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Posted on Feb 8, 2021 in Blog, Writing

Not Your Superhero

Not Your Superhero

Despite swearing off Twitter in favor of Instagram in 2014 after Rogue came out, I’ve been spending a lot more time on the bird app than I probably should these days. I’m learning new skills from watching others get into trouble, keeping up with the news, and lurking on kidlit-related debates.

Several weeks ago, a group of writers and agents posted about the active protagonist, and how editors’ preferences for a protagonist with a clear goal whose actions drive the story. In past years, I’ve written about the passive protagonist and how so many of my manuscripts have failed because of this. I wrote this essay after abandoning a middle grade novel with a passive protagonist. Later on I would write and revise multiple times a YA manuscript that came close at two publishers; its failure bears some responsibility for what will be a seven-year gap in my publishing career. (Perhaps my retrospective on those years should be titled “Mistakes Were Made.”)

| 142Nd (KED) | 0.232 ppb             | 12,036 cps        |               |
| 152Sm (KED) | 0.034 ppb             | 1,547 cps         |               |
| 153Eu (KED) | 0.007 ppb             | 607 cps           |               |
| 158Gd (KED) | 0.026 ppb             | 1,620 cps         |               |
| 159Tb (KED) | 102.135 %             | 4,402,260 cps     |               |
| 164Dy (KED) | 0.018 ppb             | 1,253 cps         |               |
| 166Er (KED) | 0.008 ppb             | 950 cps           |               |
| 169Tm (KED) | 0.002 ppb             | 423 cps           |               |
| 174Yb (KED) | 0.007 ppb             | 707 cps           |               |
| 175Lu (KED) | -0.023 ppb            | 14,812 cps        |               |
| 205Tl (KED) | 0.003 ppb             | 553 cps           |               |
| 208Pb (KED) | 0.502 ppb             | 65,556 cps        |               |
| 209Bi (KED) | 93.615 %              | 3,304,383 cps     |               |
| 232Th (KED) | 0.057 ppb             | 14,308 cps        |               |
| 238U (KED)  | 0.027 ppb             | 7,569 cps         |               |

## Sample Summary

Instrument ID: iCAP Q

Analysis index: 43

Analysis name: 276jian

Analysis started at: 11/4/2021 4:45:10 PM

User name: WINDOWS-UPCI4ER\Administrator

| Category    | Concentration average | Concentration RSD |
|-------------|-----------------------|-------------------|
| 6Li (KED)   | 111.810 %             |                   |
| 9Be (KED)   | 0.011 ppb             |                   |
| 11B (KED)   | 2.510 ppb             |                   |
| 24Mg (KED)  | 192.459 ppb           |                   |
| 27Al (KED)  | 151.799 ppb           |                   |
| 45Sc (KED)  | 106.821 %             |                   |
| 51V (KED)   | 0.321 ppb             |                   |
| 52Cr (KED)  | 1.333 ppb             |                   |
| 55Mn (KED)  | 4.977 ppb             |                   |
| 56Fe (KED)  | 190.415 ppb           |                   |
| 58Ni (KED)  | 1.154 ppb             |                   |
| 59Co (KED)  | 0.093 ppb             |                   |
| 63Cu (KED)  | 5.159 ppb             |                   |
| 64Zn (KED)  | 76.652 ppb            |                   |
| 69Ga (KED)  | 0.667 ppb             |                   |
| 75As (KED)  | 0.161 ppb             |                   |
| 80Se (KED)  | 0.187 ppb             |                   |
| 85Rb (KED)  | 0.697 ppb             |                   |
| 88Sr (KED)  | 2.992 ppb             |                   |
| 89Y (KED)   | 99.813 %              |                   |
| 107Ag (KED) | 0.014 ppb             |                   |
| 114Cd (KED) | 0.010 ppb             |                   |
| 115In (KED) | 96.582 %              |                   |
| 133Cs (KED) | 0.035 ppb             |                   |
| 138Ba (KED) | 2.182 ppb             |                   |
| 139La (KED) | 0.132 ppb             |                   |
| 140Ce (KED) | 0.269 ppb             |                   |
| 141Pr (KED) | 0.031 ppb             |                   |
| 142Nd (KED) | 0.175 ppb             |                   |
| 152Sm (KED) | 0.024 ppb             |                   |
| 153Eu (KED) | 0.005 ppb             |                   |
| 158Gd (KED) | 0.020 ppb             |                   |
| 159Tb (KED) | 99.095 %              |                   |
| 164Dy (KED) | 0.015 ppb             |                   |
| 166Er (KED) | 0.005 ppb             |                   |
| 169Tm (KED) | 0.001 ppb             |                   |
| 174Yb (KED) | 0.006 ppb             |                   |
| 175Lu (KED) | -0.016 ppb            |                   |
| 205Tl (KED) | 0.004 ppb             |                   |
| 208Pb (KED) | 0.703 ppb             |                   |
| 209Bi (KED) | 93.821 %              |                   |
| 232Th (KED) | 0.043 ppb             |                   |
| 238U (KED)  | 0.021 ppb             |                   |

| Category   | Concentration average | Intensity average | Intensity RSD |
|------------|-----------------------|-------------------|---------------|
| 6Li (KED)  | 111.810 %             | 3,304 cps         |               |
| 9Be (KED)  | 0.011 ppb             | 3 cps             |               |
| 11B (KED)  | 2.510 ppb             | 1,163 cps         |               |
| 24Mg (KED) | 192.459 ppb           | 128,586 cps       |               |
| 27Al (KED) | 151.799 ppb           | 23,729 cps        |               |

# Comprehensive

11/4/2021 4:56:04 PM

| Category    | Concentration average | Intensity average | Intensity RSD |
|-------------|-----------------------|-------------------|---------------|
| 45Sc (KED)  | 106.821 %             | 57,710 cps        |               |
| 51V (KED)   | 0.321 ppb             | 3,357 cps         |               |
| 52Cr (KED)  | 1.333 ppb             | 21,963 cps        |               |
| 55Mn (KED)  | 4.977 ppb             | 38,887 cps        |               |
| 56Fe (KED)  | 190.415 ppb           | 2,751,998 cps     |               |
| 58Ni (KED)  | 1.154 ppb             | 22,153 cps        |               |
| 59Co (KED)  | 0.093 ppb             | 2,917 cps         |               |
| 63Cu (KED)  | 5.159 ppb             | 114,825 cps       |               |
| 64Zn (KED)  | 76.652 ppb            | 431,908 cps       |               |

Kids like all kinds of stories!

In the Twitter discussion, BIPOC and other creators whom society has marginalized responded that often protagonists have little control over the world around them, and under those circumstances, survival is a legitimate goal. In the eyes of editors, survival implies passivity because the protagonist is reacting to forces larger than they are rather than trying to change those forces. Editors and agents have also rejected the desire to “belong” as too passive, not a strong enough goal to drive the story. But for disabled protagonists routinely excluded from their communities, the desire to belong, to be a part of those communities we’ve watched from afar, is at the top of the list.

Wanting to belong, to have a friend, drives Kiara’s decision in Rogue to befriend Chad even though his family is dangerous. It drives JJ’s decision to reach out to a classmate across the racial divide because he wants to start a punk-rock band even though he has no idea how bands get together. It drives Tomáš to defy his father and his country’s secret police when he pursues a friendship with a former bully now designated an enemy of the State.